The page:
Illustration of house for quarantine

Learning How to Self-Quarantine and the Challenges That Lie Ahead

Right now, we're all facing challenges and having to adapt as the COVID-19 outbreak continues to spread.

In the afternoon of March 13, President Trump requested a press conference to discuss the COVID-19 outbreak across the U.S. I was working at the time, serving tables with a smile. Everyone fell silent as Trump proclaimed a national emergency because of the pandemic and encouraged people to stay home rather than go out. He suggested jobs allow their employees to work from home if possible, in order to start their self-quarantine.

Massachusetts Governor Charlie Baker announced on the night of March 15 that restaurants may only serve takeout; dining-in is prohibited during the crisis. He closed schools until April 7 and reduced the number of people in a gathering from 25 to 10. It’s enforced to stop the spread of COVID-19 after hearing news of global death tolls, especially in Italy.

People like myself are in a state of panic over the idea of self-quarantine. Jobs in the service industry suffer, as businesses close down and tell people to stay home. Household items were swept off the shelves in a matter of hours and remain out of stock. Some schools closed for the rest of the year, forcing students to take classes online to finish up. Life has been dramatically disrupted, causing panic to ensue.

No Jobs, No Income

Not every American has the privilege of having a job that allows them to work from home. Due to the crisis, jobs have closed to reduce the spread, but spending has stopped as well. For myself, I recently submitted a form for unemployment because the restaurant I worked at shut down. In all my life, I never thought I would apply for unemployment ever, especially not at the age of 22.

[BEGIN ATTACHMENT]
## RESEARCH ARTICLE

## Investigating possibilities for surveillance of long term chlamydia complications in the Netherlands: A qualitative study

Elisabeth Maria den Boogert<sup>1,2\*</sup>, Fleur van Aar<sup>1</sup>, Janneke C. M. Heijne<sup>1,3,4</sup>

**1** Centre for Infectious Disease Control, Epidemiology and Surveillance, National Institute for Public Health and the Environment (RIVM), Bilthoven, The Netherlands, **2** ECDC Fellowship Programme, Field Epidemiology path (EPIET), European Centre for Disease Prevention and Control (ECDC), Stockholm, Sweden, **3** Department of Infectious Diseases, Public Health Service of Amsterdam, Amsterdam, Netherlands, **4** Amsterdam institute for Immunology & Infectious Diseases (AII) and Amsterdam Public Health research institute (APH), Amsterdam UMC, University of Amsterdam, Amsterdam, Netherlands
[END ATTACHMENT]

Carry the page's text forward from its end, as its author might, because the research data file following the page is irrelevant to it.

Even with unemployment benefits, people still struggle because it’s only a portion of their original pay. Those missing funds affect the bills getting paid and keeping food on the table. People worry about not having enough to sustain themselves and their families during self-quarantine.

President Trump declared that student loan payments were to be suspended during this time. Utility companies, such as gas and electric, have sent emails about setting up payment plans and not penalizing others for paying late. Registry of Motor Vehicles also applied extensions on expiration dates to reduce the amount of people that need to visit in person.

These actions are to calm down the people during self-quarantine. But unforeseen pandemics, like COVID-19, are often too strong.

Household Items Out of Stock

Amazon reported delays with Amazon Prime packages because of the increased online orders for household items like toilet paper. People, after the national emergency decree, frantically bought out entire supplies of toilet paper and paper towels to stock up for the quarantine period. Some were even seen fighting over the last of the supplies. Certain stores implemented a rule of one type of item per carriage to reduce hoarding, as well as the risk of violence between customers. Others decided to buy all their necessities via Amazon to avoid contact with anyone unknowingly carrying the COVID-19 virus.

The pandemic invokes uncertainty that transforms into anxiety. Minds are filled with fear of the future, of what is to come afterward. There is no certainty as to how long the self-quarantine will last. Some say until April while others believe it may extend to as late as July or August. With all these differing opinions, people are worried about who to believe and what they need to do to plan, buying massive amount of supplies.

Social Distancing

As COVID-19 cases rise in the U.S., the government has enacted various restrictions on human contact. Health officials emphasize that if you do need to go outside, remain at least six feet away from others; adding space between people lowers the risk of contamination from the public.